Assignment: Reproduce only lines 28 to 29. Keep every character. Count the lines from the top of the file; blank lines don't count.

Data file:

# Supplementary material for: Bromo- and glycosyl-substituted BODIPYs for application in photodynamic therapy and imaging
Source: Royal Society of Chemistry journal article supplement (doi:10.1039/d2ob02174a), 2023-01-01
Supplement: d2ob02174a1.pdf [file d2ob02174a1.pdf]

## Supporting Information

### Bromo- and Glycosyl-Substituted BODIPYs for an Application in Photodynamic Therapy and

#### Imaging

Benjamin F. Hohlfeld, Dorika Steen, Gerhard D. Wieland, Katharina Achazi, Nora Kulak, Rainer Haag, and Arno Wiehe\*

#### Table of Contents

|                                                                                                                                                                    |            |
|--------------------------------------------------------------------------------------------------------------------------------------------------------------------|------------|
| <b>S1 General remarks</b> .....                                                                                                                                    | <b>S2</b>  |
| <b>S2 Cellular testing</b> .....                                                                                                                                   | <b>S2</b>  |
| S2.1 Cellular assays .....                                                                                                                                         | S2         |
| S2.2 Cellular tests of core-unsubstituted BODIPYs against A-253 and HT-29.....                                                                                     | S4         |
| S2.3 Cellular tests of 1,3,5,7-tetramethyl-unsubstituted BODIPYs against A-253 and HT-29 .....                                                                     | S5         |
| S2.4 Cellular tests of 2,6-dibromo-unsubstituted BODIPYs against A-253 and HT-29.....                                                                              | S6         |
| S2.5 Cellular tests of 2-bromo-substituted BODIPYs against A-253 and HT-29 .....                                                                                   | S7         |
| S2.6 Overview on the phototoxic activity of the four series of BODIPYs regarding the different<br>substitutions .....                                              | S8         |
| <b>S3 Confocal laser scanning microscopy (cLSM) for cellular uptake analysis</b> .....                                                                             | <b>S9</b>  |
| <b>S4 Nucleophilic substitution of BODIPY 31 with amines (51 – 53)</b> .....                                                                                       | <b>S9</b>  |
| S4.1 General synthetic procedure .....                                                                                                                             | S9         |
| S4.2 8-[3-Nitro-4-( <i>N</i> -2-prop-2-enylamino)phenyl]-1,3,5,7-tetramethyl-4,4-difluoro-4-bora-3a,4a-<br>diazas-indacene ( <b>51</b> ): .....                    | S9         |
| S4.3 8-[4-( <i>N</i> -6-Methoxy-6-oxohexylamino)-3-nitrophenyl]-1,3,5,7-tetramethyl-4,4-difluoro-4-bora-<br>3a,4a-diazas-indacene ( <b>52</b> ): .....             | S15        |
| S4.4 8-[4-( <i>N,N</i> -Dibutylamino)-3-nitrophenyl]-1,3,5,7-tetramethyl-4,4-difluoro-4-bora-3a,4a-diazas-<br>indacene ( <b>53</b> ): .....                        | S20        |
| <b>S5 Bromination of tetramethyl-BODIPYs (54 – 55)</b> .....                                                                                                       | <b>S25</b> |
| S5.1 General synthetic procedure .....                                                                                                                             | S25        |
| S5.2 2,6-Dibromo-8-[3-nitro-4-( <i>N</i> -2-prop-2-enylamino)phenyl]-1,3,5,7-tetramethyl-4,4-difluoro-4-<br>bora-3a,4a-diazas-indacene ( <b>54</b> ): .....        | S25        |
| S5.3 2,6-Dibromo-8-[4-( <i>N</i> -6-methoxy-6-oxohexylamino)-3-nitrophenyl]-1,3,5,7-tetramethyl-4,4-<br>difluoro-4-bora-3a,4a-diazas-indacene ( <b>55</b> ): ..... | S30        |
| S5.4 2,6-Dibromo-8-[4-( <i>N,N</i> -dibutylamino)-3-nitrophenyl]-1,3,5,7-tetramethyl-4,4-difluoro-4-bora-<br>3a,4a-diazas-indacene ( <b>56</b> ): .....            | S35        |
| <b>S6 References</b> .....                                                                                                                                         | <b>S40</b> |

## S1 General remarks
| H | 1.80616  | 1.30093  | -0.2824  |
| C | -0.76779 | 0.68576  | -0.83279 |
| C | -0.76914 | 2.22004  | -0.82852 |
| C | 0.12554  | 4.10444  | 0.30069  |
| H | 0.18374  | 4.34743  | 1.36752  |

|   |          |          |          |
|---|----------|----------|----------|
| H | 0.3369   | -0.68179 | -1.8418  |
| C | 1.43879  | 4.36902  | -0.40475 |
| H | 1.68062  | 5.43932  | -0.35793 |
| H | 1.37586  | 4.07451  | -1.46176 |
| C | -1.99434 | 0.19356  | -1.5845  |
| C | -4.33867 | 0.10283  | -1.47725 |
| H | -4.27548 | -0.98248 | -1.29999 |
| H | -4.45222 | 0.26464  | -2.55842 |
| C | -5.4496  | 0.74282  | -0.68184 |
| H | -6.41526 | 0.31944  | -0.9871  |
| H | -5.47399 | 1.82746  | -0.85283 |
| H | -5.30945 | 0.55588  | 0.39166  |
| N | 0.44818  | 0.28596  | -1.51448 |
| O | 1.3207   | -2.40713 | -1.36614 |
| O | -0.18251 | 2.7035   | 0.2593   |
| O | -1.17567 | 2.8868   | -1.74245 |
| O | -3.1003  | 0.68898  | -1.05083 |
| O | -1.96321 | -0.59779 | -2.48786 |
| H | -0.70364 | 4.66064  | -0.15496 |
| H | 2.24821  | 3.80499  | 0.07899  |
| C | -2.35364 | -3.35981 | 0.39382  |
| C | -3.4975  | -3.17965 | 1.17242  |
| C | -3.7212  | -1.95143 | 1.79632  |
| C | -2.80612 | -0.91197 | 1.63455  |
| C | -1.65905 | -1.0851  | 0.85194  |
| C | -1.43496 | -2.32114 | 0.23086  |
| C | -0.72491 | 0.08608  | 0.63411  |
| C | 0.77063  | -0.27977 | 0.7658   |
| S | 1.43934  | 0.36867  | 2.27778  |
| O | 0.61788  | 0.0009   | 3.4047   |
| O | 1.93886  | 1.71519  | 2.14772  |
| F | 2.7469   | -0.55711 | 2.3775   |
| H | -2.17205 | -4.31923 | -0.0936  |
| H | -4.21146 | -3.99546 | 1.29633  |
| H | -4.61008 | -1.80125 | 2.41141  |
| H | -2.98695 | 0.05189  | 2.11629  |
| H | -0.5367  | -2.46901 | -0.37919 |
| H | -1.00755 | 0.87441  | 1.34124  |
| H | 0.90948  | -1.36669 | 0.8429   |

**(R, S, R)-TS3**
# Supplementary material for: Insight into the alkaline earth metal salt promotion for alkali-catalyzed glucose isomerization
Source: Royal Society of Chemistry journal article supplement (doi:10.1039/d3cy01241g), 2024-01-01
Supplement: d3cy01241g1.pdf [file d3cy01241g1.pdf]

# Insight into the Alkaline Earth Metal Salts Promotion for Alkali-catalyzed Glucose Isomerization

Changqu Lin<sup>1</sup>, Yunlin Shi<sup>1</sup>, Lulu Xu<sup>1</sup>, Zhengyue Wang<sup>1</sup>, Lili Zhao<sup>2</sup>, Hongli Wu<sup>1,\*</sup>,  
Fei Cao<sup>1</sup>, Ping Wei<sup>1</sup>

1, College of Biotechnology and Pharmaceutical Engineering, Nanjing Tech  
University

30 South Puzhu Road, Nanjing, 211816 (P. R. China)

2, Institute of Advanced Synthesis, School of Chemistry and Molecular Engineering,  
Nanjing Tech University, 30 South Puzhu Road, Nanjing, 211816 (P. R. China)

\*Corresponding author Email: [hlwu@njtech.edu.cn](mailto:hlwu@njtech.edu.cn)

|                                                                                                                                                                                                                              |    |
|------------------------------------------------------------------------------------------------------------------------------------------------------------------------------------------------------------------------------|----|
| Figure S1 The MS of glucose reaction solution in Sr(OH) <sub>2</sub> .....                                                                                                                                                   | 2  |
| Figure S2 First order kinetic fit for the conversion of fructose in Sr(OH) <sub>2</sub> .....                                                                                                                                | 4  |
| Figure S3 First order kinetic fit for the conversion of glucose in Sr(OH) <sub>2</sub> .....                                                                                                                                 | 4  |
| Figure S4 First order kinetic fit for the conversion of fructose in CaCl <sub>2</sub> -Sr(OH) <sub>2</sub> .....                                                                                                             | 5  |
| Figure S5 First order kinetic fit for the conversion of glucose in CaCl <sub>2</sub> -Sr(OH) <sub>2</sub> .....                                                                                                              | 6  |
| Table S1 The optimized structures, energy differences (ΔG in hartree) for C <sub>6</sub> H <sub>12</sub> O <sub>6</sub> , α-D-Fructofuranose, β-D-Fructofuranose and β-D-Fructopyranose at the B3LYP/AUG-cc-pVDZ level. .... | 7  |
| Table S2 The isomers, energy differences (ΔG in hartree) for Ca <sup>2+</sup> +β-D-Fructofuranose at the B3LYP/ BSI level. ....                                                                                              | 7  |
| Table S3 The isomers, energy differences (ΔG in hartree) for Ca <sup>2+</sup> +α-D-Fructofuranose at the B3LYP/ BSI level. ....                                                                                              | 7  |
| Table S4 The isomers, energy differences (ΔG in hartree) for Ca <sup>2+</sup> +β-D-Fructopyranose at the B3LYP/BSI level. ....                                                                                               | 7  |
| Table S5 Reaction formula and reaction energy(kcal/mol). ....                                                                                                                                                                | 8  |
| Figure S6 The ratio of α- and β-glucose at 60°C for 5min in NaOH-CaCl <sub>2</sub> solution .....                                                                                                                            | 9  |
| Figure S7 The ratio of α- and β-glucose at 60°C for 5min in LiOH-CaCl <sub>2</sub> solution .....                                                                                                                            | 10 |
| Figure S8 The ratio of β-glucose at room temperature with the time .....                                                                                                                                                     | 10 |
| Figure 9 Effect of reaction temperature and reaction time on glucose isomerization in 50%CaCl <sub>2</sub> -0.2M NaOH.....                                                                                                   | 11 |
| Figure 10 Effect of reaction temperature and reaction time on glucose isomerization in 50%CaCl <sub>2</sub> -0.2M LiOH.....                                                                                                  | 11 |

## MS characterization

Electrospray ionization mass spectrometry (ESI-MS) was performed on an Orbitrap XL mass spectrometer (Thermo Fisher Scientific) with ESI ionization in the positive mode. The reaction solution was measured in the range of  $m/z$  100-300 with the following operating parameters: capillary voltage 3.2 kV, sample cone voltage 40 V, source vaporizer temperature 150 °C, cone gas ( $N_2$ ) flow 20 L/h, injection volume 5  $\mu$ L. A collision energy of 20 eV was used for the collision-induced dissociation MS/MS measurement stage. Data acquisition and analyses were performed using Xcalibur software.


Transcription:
| S5.3 2,6-Dibromo-8-[4-( <i>N</i> -6-methoxy-6-oxohexylamino)-3-nitrophenyl]-1,3,5,7-tetramethyl-4,4-<br>difluoro-4-bora-3a,4a-diazas-indacene ( <b>55</b> ): ..... | S30        |
| S5.4 2,6-Dibromo-8-[4-( <i>N,N</i> -dibutylamino)-3-nitrophenyl]-1,3,5,7-tetramethyl-4,4-difluoro-4-bora-<br>3a,4a-diazas-indacene ( <b>56</b> ): .....            | S35        |